Saturday, 19 May 2018

Pregnant Landscape: Phoebe Unwin

Phoebe Unwin resumes service in full-colour.

After the black and white paintings in her last exhibition at Wilkinson in 2015 Distant People and Self-Soothing Objects I am glad to see Phoebe Unwin make a return to colour, because she does it brilliantly.

Saturday, 12 May 2018

Heaven Help My Heart Recover from the Chess Revival

A trip to the English National Opera's production of Chess proves too much for Garageland theatre reviewer, Lisa Duffy.

Chess is one of those shows that bestows a certain status onto musical theatre fans. The original concept album was something of a cult recording for the genre’s devotees in the 1990s, passed around with reverence at high school cast parties and amateur theatre rehearsals. Knowledge of the show separated casual enthusiasts from hardcore nerds and being able to perform “One Night in Bangkok” without missing a word was akin to a superpower. (Though this is perhaps truer in America, where the 1988 Broadway transfer lasted less than three months, as opposed to the original London version’s more impressive three-year stint).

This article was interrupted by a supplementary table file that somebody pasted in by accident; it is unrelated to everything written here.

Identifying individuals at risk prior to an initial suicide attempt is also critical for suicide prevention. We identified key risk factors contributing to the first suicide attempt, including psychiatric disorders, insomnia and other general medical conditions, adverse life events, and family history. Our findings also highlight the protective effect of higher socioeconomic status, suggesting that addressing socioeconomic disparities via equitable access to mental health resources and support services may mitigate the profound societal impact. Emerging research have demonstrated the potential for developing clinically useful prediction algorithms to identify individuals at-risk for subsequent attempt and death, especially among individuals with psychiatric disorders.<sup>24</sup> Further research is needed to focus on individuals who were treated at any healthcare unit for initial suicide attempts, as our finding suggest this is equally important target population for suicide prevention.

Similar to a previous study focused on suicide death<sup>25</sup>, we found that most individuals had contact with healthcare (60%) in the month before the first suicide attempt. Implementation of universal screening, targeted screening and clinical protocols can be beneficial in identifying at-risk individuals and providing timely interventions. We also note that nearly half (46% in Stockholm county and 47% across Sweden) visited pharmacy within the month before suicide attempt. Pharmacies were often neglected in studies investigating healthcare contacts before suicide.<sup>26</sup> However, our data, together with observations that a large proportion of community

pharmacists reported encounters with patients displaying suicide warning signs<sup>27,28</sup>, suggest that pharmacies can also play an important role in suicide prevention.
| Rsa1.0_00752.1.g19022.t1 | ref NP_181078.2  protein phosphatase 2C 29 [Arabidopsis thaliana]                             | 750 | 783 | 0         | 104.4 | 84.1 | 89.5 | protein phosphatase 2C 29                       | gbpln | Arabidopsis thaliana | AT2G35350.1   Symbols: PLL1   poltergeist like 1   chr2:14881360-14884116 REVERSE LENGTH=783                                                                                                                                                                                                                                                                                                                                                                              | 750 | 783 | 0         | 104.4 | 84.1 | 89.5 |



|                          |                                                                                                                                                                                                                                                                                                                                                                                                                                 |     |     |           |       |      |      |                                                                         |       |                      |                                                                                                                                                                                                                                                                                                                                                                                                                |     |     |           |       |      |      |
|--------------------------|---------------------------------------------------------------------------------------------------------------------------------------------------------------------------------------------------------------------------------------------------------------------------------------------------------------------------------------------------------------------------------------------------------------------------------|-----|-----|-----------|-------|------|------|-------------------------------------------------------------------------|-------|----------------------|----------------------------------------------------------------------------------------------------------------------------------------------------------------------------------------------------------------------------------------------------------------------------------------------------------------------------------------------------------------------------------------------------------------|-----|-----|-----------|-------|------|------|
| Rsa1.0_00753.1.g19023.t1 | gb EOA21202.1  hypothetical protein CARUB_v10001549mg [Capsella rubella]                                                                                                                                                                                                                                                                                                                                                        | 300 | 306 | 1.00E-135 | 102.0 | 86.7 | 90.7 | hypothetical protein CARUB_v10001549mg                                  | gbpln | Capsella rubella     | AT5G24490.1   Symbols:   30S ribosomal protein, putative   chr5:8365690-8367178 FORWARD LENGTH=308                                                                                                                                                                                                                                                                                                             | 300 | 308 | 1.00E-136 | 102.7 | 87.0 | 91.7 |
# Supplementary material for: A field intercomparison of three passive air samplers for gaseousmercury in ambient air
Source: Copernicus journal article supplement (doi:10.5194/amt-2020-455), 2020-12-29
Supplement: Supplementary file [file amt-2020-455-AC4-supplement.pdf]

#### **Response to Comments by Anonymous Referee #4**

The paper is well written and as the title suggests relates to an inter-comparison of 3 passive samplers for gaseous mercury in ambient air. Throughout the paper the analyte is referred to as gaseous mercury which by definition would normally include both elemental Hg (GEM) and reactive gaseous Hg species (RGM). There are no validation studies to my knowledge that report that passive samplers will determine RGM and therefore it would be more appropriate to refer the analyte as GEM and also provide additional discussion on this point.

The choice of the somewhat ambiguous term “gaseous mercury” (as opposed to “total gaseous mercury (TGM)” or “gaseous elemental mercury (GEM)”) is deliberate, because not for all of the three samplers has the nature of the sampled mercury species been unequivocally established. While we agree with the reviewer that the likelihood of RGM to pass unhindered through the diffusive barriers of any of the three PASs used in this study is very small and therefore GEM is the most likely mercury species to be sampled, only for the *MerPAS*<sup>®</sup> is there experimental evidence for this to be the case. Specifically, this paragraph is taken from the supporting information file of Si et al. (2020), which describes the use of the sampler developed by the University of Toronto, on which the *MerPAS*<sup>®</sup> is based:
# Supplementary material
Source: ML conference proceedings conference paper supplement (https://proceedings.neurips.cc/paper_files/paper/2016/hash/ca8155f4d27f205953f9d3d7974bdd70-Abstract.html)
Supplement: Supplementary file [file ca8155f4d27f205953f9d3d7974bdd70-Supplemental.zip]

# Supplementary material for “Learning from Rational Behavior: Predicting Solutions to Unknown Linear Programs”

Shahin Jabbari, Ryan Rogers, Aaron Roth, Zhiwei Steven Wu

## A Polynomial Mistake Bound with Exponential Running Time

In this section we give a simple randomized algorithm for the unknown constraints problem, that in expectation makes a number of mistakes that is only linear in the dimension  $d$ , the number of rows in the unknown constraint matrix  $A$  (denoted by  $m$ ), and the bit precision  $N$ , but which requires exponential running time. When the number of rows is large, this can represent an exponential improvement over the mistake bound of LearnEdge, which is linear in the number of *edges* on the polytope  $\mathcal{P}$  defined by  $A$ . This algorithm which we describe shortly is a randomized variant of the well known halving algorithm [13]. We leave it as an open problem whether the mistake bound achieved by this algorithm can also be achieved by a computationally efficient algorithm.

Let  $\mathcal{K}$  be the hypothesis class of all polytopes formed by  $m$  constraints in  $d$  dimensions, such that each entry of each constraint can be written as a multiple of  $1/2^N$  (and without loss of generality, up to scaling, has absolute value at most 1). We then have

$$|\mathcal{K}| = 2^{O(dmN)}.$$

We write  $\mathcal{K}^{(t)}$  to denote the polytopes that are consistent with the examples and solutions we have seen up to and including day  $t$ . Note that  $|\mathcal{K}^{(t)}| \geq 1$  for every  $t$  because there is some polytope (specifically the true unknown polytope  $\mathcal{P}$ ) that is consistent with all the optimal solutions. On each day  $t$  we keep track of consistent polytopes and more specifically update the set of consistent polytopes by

After an absence of over thirty years from the West End boards, the time certainly feels right for a revival. There is an increasing trend of throwback, pulsing, synthesised music throughout the Theatre District—in addition to fellow 1980s stalwart megamusicals The Phantom of the Opera and Les Miserables, Bat Out of Hell is currently cranking out the tunes of Meatloaf eight times a week and the upcoming Knights of the Rose will be giving a Shakespearean backdrop to the songs of performers like Bon Jovi and Bonnie Tyler. But more importantly, Chess’ story of Cold War politics told through an American and a Russian battling for supremacy in the World Chess Championship seems poised to be able to offer commentary on the contemporary world. (The American is a brash narcissist named Trumper, just increasing the potential relevance).